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During our walk, we visit three memorial sites, reading poetry, scripture, and to take a moment of silence. The last site was dedicated to “Adolescente Desconocido”-Unknown Adolescent. Laurie said they assume that the migrant was an adolescent, but based on the size of the rib cage bones that were found, the person could have been much younger. Due to the harsh weather conditions, Laurie told us, remains decompose quickly, making it hard to gather identifying information. As the wind whips up dust around our ankles, I think of the families of these victims, waiting on the other side of the border-mothers, fathers, brothers, sisters, grandparents, uncles, aunts-passing years not knowing what happened to their loved one. I think how this unknown adolescent, whose remains were found in 2009, would probably have been close to my age now-perhaps thinking about their career, life goals, marriage, maybe starting a family of their own. However, on this side of the border, their identities are only known to God. Before we leave, we read one last excerpt from the poem For You Who Came This Way & Farther, by Marie Vogl Gery:
Backbone breastbone carried you along roads
Roads you knew well, ones we may never see
Your skull held your brain safe and your eyes
All of these and more brought you to this place
Grasses & cacti grow around grow through
Creatures of this place move close
Scatter your bones roll your skull
Clean these for food play with them as toys
In what farm, village, or city does someone
Look at an old photo week and say your name
Again and again like a prayer
Caress that photo as though you were still near
When you followed the evening star
You took all the answers with you  
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Wednesday, February 1, 2017

On Stomach Bugs and Immigration Bans

Protesters at JFK International Airport-image from the New York Times

Dear friends,

Greetings from México City! Since my last post, I have enjoyed the holidays, receiving visitors, and celebrating Christmas and the New Year's with my host community. It is mind-blowing to me that we are already in February, and that I am quickly surpassing the halfway mark of my year. YAGM staff were correct in telling us at our Chicago orientation that this year would be the fastest of our lives! As much as these past few weeks have been filled with joy, they have also been filled with great political uncertainty, both in the US and here in México. México has awaited the Trump administration with trepidation, as the economy suffers blows from the 45% increase in gas prices (known here as the gasolinazo), peso hitting historic lows, a growing humanitarian crisis along the border, and fear as Trump takes steps to proceed with the infamous wall along the US-Mexican border. It has been a very strange week and a half for me as a US citizen abroad watching the incessant stream of news from the Trump administrative: infringements on reproductive rights; threats to health care access; signing of the executive order to build the border wall; the first official press conference marked by “alternative facts”; a federal probe of voter fraud; attacks on the press and scientific community; taking steps to proceed with the Dakota Access Pipeline; and now a temporary ban on refugees and people from 7 predominately Muslim countries. Merely typing that sentence left me overwhelmed, much less thinking of the very real consequences for so many people. But before I get into any of that, I want to share a story from this past week:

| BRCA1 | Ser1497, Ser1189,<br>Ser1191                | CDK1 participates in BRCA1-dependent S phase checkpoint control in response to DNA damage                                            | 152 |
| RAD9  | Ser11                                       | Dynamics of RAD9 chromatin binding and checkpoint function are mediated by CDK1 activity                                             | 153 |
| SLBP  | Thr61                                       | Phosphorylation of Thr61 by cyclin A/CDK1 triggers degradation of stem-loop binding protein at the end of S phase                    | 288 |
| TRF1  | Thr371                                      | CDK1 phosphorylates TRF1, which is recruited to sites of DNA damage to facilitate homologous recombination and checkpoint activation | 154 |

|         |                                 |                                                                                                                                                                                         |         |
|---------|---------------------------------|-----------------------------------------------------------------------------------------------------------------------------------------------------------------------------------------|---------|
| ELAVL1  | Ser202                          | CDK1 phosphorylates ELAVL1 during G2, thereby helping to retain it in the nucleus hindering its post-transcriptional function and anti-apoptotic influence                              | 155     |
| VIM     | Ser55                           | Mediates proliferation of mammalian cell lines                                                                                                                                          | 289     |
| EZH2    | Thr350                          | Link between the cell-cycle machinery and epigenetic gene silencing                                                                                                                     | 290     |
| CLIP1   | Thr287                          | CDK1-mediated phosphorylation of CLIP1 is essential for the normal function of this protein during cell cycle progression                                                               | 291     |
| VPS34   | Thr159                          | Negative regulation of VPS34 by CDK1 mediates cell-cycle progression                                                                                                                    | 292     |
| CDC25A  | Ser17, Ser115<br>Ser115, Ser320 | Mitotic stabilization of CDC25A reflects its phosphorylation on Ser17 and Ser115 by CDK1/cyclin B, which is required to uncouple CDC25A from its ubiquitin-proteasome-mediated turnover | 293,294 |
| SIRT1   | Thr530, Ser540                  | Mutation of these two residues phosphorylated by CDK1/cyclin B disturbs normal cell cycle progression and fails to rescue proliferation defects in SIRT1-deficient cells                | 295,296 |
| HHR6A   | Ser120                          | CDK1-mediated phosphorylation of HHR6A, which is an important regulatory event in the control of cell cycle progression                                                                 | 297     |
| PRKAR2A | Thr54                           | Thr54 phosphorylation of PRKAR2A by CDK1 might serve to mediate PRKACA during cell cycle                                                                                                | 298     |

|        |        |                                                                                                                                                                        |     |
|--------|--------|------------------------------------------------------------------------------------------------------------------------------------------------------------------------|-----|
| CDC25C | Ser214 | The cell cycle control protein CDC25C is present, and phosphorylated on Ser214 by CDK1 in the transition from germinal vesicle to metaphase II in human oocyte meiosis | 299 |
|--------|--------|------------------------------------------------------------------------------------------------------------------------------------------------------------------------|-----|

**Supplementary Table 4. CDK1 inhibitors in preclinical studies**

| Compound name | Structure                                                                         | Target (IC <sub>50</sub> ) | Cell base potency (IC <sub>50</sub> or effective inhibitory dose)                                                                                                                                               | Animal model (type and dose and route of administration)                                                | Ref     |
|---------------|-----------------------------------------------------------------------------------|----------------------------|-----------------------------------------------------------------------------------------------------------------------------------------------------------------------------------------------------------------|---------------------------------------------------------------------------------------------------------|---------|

It is widely known that, although Mexican food is delicious, that sometimes foreigners literally can't “take the heat", and the strong flavors and spices can provoke upset stomachs, or “Montezuma´s revenge”, referring to a former Aztec emperor. Thankfully, this year, I have not had any issues with the food, including the delicious, if at times slightly questionable, street food. Or, I hadn't had any issues, before this past Thursday. Although I went to bed feeling fine, I woke up a few hours later profusely sweating, shaking, and realizing that I was going to quickly see my meals a second time round. And I did see them, several times throughout the night, until my stomach was finally empty. Thankfully, I was finally able to sleep, and woke up a few hours later feeling mostly fine.